The participants were dubious. It didn’t figure, they thought: There are no such numbers. Besides which, everyone agrees that Bennett will make trouble. Some of those present wondered whether Netanyahu has a secret contingency plan – some sort of unconventional rabbit that he’ll pull out of the core of the reactor that will make the earth tremble. Otherwise, where’s the confidence coming from? Has he forgotten what happened six weeks ago?
But Bibi is insistent: the bloc, the bloc, and two parties to our right. Moreover, he added, Itamar Ben-Gvir – from the Kahanist Otzma Yehudit party – is an essential element. He must return to Peretz and Smotrich. Bibi’s staff presented a poll showing that Otzma Yehudit would get only 2.5 seats if the election were held today. That’s 100,000 votes down the drain if Ben-Gvir doesn’t go back to the ticket he left so angrily and with a sense of affront.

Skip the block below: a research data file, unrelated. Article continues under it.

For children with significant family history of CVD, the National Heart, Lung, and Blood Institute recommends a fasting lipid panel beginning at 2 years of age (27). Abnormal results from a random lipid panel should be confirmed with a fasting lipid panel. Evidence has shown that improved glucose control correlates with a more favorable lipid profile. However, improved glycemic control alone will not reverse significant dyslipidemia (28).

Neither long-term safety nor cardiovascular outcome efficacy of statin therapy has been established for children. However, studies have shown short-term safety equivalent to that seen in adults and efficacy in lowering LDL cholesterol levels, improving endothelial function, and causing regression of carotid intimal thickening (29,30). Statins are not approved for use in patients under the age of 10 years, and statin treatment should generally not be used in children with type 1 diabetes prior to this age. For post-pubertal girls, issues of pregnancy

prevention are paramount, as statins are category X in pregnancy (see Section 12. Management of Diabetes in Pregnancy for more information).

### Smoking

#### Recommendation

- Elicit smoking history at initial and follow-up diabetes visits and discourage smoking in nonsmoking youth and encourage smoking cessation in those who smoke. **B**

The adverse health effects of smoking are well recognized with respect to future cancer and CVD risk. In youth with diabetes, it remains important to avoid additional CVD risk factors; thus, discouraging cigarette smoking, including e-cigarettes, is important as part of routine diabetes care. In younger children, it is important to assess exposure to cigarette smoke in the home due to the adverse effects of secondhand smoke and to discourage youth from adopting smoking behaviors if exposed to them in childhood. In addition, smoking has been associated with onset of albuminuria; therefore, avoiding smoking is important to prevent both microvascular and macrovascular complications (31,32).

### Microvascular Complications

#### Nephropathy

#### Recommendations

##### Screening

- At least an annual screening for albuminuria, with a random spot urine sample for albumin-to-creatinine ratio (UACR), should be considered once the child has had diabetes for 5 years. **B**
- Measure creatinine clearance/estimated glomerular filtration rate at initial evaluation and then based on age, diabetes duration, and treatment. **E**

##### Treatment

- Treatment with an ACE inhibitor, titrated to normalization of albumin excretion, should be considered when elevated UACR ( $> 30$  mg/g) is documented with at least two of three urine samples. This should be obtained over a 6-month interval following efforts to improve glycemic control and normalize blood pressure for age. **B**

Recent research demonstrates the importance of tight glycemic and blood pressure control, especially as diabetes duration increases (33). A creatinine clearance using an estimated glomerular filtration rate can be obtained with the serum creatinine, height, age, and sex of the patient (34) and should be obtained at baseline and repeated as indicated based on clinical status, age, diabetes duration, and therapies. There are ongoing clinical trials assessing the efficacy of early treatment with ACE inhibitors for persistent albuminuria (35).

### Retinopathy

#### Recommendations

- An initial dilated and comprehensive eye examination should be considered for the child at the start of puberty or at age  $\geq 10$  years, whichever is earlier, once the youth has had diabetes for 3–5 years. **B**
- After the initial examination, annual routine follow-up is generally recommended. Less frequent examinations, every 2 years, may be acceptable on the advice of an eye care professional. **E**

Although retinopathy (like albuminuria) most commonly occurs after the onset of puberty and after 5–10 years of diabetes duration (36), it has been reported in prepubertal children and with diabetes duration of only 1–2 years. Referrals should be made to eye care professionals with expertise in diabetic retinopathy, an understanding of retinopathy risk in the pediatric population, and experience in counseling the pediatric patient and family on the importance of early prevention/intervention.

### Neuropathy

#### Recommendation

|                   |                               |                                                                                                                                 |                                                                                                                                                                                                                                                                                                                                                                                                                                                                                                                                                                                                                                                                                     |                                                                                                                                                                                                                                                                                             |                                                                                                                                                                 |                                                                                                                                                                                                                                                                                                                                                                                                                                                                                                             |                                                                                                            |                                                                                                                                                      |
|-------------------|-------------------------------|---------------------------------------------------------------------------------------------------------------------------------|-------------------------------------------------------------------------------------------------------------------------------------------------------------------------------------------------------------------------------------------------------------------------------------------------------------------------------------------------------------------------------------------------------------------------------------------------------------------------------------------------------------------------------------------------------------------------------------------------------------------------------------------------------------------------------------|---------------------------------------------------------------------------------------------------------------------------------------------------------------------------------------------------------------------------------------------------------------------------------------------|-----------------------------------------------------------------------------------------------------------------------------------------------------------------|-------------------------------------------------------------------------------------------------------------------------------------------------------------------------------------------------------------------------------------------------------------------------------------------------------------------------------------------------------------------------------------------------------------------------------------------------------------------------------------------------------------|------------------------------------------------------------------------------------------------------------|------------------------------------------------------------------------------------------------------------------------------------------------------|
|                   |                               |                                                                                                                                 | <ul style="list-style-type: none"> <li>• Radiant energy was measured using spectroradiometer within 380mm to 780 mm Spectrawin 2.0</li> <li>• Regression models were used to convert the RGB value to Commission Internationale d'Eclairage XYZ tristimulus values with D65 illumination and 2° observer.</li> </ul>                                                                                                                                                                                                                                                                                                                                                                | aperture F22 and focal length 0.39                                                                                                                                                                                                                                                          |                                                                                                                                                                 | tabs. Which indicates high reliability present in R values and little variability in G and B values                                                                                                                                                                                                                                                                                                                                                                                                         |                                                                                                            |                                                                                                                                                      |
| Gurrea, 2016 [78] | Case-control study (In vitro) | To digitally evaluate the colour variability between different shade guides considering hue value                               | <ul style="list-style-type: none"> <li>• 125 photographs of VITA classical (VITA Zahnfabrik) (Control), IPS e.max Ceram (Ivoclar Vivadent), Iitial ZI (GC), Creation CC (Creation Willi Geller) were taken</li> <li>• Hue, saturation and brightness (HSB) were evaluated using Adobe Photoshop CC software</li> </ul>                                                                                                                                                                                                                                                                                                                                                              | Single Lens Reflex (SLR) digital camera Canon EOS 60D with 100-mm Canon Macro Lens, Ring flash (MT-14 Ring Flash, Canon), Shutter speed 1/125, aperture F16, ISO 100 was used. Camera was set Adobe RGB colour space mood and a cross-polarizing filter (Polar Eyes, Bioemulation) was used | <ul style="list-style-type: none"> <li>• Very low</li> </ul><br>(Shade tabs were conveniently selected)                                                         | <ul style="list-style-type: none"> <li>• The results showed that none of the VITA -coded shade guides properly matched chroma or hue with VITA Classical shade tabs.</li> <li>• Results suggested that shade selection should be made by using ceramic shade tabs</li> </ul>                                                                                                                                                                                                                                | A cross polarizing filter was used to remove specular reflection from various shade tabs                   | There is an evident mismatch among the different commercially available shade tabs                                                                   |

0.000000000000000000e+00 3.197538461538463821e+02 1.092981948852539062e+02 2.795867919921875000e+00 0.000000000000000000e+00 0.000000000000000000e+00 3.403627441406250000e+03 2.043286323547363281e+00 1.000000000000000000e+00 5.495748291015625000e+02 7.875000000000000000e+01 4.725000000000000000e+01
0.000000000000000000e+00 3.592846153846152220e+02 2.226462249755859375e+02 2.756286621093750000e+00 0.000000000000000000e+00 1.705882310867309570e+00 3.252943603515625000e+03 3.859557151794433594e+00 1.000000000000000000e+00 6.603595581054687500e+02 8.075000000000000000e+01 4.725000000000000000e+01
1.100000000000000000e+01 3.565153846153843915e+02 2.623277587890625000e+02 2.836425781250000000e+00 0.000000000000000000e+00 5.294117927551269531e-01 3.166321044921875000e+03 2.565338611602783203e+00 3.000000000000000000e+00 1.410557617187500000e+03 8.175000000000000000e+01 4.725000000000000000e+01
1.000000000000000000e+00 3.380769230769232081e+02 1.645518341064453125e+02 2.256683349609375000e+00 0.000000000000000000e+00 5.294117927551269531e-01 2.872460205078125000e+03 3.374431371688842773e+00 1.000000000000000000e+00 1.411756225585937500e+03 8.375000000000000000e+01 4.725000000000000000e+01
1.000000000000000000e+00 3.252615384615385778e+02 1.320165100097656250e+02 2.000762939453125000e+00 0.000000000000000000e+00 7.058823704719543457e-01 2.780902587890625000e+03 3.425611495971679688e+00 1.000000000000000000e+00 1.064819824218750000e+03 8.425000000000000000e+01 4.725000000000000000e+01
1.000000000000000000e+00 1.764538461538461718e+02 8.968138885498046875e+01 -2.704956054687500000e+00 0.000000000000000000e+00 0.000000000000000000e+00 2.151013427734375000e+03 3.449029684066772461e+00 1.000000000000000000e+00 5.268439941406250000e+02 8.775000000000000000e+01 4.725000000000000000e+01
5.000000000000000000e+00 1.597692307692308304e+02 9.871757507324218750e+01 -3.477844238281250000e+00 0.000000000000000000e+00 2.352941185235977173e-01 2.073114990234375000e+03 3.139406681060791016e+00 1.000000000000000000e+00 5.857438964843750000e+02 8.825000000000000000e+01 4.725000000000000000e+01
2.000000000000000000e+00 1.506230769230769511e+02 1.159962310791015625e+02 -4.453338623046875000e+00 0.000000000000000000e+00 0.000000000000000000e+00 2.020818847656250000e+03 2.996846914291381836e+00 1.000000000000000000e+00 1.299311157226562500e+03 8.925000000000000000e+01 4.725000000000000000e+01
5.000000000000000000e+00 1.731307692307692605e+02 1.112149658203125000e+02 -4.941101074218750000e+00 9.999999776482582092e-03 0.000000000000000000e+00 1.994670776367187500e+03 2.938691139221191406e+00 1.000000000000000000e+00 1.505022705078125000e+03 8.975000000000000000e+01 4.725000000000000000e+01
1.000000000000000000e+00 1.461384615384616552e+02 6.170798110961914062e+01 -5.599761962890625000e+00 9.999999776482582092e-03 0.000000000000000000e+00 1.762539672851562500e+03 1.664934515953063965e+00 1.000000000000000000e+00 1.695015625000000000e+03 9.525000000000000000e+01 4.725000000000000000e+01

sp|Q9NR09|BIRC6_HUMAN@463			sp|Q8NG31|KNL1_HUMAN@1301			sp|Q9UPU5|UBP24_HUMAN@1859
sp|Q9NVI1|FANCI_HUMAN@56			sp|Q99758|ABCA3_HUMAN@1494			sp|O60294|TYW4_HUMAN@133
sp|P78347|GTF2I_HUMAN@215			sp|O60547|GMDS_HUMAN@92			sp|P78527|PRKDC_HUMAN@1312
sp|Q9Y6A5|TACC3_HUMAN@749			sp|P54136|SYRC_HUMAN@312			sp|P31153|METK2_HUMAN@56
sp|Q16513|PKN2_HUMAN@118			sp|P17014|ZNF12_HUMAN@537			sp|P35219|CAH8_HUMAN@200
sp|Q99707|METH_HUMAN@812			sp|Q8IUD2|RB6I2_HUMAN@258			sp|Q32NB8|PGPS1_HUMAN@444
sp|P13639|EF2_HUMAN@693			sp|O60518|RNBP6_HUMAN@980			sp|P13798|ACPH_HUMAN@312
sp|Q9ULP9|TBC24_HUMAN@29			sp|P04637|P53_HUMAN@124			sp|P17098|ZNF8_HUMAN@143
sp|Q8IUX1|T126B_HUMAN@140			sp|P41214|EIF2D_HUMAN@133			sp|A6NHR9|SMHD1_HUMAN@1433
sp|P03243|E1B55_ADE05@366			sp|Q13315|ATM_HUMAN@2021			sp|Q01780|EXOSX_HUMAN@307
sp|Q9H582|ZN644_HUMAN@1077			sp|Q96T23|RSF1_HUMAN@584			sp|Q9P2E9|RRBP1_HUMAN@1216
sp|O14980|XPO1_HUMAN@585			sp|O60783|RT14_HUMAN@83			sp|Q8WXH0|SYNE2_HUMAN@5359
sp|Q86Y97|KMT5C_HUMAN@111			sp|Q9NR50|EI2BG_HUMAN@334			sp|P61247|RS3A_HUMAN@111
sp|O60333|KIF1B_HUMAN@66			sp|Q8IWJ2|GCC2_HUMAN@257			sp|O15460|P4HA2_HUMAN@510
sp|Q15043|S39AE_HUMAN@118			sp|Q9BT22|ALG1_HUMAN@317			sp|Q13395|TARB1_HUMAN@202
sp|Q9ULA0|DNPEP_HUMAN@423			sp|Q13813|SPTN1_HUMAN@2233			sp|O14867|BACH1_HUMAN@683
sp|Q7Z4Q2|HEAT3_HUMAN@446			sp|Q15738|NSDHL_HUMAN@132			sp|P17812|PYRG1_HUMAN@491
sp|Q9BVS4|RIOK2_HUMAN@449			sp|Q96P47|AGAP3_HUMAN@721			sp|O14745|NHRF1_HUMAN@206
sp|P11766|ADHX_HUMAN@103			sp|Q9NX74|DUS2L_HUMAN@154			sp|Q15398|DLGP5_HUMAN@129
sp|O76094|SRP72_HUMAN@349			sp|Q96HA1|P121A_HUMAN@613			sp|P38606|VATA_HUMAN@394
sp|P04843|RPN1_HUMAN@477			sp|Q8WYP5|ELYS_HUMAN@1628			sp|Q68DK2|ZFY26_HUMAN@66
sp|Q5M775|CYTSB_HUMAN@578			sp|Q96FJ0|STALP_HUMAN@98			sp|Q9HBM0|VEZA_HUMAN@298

Don’t be surprised, someone said to me this week, if we discover one day that the prime minister invites Ben-Gvir to meet with him. After all, what’s the difference between him and Smotrich and Peretz? Just nuances. You have to admit that Ben-Gvir looks more connected to reality than Rabbi Rafi Peretz. It’s all relative in Israeli politics.
This week I asked Avigdor Lieberman about his plans for September 18, assuming that his party indeed sweeps a good amount of Knesset seats and the Likud-rightist-Haredi bloc needs him to cross the 61-seat threshold.